Charity Nwakaudu, Abuja
there is hardly any week without a protest, peaceful or rancorous, in Abuja. It is understandable because the Federal Capital Territory (FCT) is the seat of power and where else could be more suitable for peaceful demonstration other than the political epicentre of the country?
But beyond the genuine intentions to protest, many jobless youths and adults have formed what many now call “professional protesters.” Among them are jobless lawyers, accountants and other professionals.
With unemployment ravaging the country, these graduates, traders, artisans and touts bond strongly to make a living as rented crowds. They survive solely on proceeds from peaceful protests as they get hired by various associations and pressure groups to lead any demonstration in any part of the city.
Many of them stockpile cardboard papers of different colours waiting for any group to hire them. Some of them rake in up to N4,000 in some days if they participate in two or three protests. The average charge is N1,500 per demonstration but can be higher depending on who hire them, the purpose and duration.
One of the organisers, William Aboh, who spoke with Daily Sun at Apo Junction confessed that protests have become a lucrative business in: “I am a young graduate who left my village to Abuja in search of a better life. But on reaching here, it was not what I was told that I saw.
“I have roamed the streets and offices without getting a job until a man inducted me into this protesting business during the 2015 elections.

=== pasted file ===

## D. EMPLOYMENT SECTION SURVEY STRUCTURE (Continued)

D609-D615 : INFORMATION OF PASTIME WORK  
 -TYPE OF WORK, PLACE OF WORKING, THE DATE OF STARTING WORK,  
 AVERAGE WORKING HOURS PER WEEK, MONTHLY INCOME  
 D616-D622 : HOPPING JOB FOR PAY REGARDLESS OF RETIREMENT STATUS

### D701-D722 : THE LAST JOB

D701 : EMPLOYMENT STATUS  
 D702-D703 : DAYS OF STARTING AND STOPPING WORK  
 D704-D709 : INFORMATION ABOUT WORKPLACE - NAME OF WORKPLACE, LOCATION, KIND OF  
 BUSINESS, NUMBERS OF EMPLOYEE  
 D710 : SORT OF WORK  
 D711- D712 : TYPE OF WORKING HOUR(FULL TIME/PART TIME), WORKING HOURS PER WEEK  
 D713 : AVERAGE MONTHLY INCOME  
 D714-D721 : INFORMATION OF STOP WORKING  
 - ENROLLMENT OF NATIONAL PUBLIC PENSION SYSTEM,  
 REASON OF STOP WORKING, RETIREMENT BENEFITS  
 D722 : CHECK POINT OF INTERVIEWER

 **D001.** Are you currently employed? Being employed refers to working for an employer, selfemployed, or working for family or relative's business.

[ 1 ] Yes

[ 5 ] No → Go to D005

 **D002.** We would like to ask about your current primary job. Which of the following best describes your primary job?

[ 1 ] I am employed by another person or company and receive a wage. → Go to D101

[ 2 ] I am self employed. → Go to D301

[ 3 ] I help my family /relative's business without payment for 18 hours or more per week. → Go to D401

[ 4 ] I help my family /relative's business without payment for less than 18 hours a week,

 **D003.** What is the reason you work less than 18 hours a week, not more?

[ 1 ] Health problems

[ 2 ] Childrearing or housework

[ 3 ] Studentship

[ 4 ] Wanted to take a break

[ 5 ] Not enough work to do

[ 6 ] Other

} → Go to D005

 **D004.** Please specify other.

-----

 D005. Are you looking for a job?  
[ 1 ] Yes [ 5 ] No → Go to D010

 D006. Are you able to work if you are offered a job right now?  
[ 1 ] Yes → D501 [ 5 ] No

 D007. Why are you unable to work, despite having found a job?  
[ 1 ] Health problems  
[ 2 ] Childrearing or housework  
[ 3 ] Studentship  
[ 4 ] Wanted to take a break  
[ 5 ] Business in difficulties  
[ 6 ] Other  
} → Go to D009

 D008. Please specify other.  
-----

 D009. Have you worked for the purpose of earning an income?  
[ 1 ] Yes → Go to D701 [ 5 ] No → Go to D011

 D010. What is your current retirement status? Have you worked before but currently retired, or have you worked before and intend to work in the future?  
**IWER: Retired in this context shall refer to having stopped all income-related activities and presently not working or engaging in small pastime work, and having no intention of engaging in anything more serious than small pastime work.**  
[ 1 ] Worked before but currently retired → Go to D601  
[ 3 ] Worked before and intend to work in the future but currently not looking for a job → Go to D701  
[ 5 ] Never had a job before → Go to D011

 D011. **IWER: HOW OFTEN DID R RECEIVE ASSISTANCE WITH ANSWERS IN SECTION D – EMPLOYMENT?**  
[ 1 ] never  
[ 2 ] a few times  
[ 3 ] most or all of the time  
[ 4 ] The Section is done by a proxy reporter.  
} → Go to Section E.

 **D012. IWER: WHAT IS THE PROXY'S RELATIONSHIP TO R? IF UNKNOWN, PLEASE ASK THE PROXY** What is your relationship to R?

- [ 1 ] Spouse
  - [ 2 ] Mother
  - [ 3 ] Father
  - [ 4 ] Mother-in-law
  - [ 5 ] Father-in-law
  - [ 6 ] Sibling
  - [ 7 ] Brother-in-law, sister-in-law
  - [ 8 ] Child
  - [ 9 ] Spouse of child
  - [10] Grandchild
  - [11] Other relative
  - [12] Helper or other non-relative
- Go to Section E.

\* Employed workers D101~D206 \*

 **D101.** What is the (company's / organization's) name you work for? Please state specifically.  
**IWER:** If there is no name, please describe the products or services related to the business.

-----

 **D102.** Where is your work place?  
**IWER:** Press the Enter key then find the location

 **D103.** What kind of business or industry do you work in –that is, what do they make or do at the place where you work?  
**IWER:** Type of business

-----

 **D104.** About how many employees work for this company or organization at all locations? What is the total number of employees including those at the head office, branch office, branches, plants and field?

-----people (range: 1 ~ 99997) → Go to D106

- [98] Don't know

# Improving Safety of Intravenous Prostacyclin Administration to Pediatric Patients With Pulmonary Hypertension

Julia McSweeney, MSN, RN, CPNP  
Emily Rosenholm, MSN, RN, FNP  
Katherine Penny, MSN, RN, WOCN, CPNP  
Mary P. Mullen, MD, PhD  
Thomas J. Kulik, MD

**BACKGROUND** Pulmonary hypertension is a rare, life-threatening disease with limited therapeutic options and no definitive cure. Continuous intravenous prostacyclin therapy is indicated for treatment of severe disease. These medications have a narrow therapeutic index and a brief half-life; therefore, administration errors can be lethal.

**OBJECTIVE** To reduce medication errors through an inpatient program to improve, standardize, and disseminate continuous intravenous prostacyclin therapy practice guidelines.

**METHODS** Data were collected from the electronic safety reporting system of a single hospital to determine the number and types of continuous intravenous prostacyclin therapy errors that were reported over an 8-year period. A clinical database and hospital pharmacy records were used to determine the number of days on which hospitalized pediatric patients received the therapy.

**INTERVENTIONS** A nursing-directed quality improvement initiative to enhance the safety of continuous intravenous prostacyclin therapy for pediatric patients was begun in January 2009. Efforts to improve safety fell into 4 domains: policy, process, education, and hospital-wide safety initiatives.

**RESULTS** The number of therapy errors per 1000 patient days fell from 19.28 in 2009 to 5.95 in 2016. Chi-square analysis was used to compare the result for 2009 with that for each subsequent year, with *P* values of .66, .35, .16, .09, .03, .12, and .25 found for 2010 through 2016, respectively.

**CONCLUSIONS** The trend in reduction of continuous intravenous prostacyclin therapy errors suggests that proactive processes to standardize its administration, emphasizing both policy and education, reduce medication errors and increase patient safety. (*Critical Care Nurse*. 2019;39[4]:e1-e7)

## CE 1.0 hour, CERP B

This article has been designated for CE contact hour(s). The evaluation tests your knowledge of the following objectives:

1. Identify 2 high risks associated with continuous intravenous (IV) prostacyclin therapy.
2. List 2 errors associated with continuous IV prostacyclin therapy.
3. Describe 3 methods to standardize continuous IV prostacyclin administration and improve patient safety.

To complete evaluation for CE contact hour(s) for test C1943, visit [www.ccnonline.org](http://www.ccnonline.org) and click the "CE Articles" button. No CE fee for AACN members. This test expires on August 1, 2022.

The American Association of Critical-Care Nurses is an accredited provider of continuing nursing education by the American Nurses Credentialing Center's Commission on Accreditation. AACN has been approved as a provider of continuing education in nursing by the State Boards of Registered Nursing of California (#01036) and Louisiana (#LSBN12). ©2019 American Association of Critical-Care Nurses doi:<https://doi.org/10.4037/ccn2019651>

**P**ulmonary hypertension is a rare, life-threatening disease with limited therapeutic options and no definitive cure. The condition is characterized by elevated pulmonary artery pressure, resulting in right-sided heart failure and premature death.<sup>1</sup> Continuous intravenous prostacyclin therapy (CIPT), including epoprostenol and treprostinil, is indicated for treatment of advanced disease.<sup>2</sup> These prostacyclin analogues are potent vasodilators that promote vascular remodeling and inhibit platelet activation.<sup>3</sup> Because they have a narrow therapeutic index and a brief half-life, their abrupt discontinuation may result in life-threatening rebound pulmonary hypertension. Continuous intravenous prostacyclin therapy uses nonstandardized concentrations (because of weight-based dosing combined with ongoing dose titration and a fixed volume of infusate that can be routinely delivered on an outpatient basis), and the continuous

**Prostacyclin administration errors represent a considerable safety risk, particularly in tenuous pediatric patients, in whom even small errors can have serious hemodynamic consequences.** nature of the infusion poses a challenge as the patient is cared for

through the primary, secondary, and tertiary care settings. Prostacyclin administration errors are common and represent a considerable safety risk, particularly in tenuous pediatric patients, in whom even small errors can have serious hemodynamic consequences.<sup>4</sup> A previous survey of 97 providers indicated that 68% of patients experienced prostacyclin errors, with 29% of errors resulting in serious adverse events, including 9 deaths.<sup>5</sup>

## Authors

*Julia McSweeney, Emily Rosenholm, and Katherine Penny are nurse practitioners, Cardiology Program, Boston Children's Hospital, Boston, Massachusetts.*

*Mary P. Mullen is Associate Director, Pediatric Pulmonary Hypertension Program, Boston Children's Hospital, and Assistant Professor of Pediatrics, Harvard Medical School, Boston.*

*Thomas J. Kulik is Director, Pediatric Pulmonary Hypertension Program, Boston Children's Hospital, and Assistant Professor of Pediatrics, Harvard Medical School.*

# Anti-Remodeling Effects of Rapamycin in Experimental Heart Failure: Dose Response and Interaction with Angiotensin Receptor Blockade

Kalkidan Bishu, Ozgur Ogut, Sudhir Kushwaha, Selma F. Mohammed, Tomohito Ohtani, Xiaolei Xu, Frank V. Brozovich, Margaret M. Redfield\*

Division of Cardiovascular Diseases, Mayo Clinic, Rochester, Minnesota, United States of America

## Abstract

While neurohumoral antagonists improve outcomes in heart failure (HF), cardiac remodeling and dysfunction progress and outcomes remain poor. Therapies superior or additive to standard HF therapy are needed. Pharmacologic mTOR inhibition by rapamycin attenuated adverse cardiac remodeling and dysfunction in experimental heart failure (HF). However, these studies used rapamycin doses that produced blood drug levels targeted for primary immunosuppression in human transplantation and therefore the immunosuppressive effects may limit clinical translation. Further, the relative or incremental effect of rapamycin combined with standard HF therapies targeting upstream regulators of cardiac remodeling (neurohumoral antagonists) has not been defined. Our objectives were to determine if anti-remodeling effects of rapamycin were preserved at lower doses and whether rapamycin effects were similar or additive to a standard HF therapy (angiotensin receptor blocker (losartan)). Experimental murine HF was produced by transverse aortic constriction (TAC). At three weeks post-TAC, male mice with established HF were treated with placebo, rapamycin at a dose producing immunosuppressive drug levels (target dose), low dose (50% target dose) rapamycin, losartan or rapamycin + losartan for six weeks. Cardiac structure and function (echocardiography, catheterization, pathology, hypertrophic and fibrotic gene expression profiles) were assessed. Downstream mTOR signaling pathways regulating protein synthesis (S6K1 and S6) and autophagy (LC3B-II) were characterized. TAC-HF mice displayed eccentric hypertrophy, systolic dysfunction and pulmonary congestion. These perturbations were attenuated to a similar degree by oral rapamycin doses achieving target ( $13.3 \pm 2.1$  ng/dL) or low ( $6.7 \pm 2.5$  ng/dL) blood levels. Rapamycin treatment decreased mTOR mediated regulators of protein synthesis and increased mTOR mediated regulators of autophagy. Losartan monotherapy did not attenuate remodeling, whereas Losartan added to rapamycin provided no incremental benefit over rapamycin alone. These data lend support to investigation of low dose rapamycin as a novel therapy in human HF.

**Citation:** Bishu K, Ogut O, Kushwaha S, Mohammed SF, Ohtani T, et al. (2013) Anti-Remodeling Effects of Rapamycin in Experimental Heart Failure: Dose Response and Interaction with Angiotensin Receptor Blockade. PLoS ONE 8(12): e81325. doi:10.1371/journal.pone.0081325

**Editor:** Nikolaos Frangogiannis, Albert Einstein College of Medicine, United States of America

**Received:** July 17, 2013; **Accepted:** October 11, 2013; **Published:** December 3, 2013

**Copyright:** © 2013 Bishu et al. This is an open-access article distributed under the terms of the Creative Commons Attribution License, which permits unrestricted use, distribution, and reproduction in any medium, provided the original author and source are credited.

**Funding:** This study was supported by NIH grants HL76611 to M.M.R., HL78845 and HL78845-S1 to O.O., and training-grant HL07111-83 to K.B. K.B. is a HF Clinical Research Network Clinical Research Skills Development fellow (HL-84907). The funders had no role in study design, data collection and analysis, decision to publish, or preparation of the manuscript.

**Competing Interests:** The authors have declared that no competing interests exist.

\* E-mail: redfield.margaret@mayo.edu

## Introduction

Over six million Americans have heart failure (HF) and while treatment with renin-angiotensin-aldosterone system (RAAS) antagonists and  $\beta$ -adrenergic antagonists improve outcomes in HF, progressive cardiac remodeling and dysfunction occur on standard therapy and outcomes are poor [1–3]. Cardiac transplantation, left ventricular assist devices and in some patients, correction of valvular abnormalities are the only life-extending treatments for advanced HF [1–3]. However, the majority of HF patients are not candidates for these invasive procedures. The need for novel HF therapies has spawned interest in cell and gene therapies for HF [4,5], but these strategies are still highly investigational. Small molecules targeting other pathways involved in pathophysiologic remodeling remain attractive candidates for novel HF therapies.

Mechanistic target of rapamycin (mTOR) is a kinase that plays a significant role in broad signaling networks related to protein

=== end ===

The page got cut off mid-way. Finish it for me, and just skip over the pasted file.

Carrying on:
“I followed him closely and have learned how to organise and manage the business through getting contacts of most of the senior boys in different areas. This helped me in making the job faster and easier. All I need to do is just to call and tell them the number of people I want and it is done.
“I can organise protest for and against a particular person or matter same day. It can be done within a short notice. We don’t support any group. We’re for everybody and we’re for nobody. We are just after the money.
“The money that is made available determines the type and class of materials that will be made available. The price varies from place to place, like from Nyanya, you can get people with a thousand naira, one bottled water and gala while from Apo, Jabi and places like Kubwa is from N1,500 above per person.
“The business is one of the best in town because you don’t need any start up money. But you make reasonable income daily because even after the game the people will still be watering you with some little things so that any time they need your services, you will be there for them.
“It has really improved my life both financially and otherwise. I am no longer seeking for employment because no employer can pay me what I get monthly, not even the federal government.
“This business has also exposed me to the high and mighty in the society. Some I have never met them physically, we transact our business on phone. So, it has really improved my life apart from the financial benefits.
“It is now a part of me and I like it but the only disadvantage is that one needs to be very fit so that anytime there is an attack from the opposition, you can run for safety.”
Mariam Ayo, businesswoman from Utako market confirmed that protest is now one of the best businesses in town: